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Ocean freshens up

June 16, 2005 By Jenny Hogan This article courtesy of Nature News.

Measurement of fresh water entering the Atlantic will help climate predictions.

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About 19,000 cubic kilometres of fresh water have flooded into the North Atlantic in the past 40 years, a new study has found. That's more than 3 times the annual outflow of the Amazon River. The analysis provides vital clues for modellers who are trying to predict how ocean circulation might change in the future, and how that might affect the climate.

"There has been lots of evidence of ocean freshening, but this is the first quantification," says Rowan Sutton of the Centre for Global Atmospheric Modelling at the University of Reading, who studies climate change in the Atlantic. "The results are going to be very useful in putting models to harder tests."

Climate scientists fear that fresh water entering the northern Atlantic from melting ice caps and surging rivers might upset the currents that carry heat from the tropics towards the pole, such as the Gulf Stream in the North Atlantic.

Such currents are like a conveyor belt: dense, cold, salty water sinks in the north, and returns to the tropics along the ocean floor. Dilution with fresh water could prevent the sinking, and cause the current to falter.

There is, as yet, little evidence that the current is weakening. But Ruth Curry of the Woods Hole Oceanographic Insitution in Massachusetts and Cecilie Mauritzen from the Norwegian Meteorological Institute in Oslo, who report their results in Science1, say their measurements of freshwater input suggest that slowing will happen.

"We believe we will measure a change in the overturning circulation in our lifetime. It will not be on the scale of disaster, but I do imagine being able to see it before I am too old and frail to go out and make measurements of the ocean," says Curry.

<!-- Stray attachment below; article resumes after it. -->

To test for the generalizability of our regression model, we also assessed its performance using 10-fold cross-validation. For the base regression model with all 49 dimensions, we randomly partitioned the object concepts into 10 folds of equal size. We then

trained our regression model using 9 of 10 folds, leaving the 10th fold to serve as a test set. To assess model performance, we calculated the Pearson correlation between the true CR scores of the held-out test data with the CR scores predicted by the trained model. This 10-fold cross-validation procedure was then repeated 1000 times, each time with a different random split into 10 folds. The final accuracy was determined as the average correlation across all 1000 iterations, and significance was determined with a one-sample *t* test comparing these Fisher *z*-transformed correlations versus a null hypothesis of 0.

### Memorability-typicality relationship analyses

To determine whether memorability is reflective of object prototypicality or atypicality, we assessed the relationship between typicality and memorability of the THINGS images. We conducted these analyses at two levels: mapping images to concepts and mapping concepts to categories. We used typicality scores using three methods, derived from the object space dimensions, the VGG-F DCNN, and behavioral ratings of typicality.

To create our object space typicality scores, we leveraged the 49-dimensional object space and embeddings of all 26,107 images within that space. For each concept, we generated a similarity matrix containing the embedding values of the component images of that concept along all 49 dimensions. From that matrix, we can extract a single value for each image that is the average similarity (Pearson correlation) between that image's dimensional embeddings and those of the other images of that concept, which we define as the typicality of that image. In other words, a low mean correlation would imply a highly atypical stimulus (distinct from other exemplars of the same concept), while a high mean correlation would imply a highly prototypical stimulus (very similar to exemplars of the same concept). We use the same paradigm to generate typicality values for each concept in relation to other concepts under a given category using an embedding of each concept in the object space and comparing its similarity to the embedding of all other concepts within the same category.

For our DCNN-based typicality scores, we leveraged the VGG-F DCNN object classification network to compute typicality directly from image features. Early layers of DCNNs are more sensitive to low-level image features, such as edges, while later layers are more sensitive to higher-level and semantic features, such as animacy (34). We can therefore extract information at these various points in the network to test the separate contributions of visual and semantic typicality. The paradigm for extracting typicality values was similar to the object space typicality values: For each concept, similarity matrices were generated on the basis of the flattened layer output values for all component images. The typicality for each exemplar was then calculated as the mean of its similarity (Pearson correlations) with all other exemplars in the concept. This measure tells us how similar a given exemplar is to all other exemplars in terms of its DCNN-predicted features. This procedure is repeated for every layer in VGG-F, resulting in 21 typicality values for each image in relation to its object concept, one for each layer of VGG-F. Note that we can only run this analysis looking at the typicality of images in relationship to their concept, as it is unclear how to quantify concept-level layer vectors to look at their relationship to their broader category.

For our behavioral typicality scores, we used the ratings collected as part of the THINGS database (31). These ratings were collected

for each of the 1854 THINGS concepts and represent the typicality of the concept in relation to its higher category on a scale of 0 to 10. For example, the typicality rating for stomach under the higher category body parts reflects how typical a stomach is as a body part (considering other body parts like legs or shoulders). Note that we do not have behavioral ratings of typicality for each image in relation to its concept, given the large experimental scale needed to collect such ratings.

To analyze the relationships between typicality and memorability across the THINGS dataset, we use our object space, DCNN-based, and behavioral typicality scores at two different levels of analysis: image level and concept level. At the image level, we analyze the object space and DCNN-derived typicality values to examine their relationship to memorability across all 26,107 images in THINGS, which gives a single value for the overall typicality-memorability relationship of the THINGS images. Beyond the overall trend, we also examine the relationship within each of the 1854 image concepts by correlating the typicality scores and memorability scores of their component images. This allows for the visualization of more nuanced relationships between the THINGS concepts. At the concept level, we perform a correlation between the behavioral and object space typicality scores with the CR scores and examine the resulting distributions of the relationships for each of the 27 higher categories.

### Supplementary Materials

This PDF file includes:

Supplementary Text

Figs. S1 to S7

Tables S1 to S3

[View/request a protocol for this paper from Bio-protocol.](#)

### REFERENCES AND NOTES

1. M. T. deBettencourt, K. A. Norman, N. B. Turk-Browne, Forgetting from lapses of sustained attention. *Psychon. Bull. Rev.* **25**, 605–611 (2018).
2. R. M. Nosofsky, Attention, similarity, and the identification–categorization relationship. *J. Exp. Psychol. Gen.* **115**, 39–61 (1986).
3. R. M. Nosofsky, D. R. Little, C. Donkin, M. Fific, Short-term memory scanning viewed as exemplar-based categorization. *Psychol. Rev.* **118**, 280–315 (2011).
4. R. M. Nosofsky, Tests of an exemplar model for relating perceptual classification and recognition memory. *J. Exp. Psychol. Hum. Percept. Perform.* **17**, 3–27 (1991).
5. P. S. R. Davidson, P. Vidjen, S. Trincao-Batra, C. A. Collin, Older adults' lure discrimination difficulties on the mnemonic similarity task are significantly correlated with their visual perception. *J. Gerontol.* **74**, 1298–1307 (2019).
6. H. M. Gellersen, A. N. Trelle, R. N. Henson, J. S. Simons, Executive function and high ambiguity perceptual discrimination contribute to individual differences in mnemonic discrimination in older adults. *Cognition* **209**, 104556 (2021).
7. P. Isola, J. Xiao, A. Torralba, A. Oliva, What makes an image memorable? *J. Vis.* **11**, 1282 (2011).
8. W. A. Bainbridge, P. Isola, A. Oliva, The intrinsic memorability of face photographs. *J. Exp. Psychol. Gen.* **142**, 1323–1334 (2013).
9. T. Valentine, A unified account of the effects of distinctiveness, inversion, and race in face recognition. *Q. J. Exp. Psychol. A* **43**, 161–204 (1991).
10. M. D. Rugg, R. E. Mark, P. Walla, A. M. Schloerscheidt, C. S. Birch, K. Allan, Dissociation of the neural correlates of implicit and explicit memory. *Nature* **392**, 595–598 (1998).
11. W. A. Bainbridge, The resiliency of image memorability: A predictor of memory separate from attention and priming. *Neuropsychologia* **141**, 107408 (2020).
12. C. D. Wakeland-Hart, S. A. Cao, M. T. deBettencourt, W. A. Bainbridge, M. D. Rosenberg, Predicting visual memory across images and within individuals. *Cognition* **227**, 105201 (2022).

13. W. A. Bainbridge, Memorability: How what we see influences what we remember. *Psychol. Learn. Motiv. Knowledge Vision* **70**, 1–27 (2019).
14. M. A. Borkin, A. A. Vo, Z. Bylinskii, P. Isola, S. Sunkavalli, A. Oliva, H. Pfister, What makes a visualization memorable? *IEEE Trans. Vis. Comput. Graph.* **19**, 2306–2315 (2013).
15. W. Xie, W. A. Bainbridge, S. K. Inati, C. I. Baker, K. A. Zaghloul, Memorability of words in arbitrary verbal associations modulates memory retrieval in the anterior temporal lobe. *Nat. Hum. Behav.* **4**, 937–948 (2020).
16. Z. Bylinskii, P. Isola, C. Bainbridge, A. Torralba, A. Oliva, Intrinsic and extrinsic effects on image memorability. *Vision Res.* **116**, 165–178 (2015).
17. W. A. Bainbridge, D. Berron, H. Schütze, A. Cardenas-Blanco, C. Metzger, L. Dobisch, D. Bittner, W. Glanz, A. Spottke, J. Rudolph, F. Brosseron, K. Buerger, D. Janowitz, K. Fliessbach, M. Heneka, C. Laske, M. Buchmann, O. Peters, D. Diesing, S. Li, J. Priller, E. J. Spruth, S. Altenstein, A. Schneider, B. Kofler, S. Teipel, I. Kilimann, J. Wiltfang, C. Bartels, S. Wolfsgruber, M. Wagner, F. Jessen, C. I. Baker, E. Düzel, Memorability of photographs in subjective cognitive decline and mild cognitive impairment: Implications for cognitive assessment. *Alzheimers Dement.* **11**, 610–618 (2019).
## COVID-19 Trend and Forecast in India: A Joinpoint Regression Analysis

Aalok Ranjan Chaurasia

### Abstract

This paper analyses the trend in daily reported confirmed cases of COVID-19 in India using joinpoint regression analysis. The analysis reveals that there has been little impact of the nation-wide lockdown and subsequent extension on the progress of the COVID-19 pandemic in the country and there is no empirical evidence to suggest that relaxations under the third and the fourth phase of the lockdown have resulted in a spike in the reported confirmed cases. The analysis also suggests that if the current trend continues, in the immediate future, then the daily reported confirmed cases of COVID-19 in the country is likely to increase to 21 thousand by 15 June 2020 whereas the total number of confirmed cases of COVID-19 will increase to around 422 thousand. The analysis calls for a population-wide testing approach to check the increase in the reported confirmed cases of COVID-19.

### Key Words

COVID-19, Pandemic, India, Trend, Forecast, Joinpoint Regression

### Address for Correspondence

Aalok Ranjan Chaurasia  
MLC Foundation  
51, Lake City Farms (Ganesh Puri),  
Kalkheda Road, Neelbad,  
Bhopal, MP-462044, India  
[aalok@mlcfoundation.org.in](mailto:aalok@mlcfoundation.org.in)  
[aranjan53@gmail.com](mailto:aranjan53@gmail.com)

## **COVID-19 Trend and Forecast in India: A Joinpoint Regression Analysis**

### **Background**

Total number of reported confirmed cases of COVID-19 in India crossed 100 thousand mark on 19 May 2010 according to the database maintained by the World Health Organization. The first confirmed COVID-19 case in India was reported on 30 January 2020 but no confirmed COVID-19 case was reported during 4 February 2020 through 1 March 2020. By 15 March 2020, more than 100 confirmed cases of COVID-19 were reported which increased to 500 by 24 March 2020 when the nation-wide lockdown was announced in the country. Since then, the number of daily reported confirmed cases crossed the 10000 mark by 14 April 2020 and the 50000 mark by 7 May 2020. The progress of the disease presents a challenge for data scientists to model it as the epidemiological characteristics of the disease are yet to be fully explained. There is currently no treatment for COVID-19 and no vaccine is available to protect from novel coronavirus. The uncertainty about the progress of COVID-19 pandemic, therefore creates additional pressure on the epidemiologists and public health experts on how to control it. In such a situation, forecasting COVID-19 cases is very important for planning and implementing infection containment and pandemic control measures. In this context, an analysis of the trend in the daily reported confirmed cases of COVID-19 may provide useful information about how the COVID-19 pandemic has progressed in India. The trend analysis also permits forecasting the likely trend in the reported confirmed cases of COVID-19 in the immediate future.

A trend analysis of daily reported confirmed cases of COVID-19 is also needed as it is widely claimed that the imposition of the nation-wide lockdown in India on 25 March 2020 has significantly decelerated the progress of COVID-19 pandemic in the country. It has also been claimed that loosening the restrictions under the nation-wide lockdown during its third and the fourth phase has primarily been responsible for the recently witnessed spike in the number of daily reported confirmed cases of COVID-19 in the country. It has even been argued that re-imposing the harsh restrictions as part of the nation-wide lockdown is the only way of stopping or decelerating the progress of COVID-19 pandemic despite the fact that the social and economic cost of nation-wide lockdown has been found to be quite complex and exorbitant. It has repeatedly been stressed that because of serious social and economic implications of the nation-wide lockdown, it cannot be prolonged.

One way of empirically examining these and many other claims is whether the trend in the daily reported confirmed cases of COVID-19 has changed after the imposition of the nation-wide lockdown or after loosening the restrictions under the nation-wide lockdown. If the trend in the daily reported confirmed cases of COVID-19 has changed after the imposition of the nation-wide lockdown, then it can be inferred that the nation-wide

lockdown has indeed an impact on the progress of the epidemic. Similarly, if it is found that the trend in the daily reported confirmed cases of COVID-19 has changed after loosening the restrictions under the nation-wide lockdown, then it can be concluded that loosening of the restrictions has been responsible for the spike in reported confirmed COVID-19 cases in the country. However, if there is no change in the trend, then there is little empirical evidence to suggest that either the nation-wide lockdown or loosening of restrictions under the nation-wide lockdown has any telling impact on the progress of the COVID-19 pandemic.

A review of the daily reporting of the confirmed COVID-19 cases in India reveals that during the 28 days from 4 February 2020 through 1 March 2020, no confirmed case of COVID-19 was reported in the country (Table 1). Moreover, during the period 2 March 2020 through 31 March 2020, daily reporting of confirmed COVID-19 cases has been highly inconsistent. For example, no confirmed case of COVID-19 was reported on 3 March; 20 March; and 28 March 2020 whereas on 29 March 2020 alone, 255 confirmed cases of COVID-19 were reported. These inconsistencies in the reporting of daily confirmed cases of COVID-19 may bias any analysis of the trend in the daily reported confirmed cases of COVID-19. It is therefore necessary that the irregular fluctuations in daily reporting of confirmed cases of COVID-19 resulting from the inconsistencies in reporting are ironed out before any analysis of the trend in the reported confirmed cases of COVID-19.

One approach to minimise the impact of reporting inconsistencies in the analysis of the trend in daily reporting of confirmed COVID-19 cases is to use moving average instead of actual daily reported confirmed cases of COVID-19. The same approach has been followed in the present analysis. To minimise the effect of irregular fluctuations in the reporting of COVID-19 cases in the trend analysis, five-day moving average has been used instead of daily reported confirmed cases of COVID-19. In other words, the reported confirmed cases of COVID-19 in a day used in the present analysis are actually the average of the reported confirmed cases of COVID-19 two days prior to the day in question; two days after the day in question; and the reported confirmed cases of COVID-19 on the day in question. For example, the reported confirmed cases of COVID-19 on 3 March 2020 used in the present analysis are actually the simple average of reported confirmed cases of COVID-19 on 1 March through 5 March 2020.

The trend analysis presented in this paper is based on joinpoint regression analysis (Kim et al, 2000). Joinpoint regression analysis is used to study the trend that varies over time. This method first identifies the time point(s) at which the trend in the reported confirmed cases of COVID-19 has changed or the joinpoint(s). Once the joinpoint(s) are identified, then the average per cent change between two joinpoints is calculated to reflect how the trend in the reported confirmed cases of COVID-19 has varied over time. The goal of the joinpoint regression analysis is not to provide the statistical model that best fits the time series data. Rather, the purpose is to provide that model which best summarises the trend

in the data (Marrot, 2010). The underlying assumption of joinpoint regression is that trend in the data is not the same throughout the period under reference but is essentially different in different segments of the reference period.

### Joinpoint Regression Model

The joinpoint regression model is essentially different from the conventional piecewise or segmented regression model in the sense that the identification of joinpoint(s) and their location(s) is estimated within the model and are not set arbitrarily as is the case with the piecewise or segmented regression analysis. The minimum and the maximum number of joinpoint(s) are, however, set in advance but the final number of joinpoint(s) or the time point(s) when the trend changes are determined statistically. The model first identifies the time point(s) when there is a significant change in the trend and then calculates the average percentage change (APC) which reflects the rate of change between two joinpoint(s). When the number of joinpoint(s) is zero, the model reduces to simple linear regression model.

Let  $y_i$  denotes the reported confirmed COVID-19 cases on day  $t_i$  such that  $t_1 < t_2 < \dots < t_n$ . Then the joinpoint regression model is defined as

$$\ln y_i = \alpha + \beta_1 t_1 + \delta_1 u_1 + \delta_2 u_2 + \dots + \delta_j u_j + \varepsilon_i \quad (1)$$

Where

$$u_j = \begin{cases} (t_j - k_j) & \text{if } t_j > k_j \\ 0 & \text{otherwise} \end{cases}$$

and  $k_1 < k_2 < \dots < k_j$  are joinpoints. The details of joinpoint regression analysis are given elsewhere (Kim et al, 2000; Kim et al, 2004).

The century after tomorrow?

The movie The Day After Tomorrow envisaged a sudden shutdown of the overturning current leaving Europe and America blanketed by ice. Scientists dismiss this scenario as extreme and unrealistic, but there is huge uncertainty about how the ocean and the climate will respond to changes in the circulation.

"It's very difficult and complicated plumbing," says Thomas Stocker, a climate modeller from the University of Bern in Switzerland.

Curry and Mauritzen analysed data on water pressure, temperature and salinity collected by research vessels and floating buoys since 1965.

They found that between 14,000 and 24,000 cubic kilometres of fresh water poured into the North Atlantic Ocean between 1965 and 1995, with nearly half arriving in one great pulse of water in the late 1960s. This 'great salinity anomaly', which has been known about for decades, was caused by unusual wind patterns that first built up masses of ice in the north, and then blew it south, where it melted.

The team discovered that this melt water migrated to areas of the ocean just south of Greenland that are not greatly involved in overturning waters. This explains why the great salinity anomaly had little effect on ocean currents.

Since then, an average of 100 cubic kilometres of fresh water per year has accumulated in the more sensitive upper layers of the Nordic seas. At this rate, Curry and Mauritzen estimate that the circulation could start to weaken within a century.

But the amount of fresh water entering the ocean may change. Sutton points out we don't know where all the water is coming from, or exactly how climate change will affect rainfall, run-off and melting ice. So a slowdown in circulation may happen sooner than predicted.

References

  1. Curry R. & Mauritzen C. Science, 308. 1772 - 1774 (2005).

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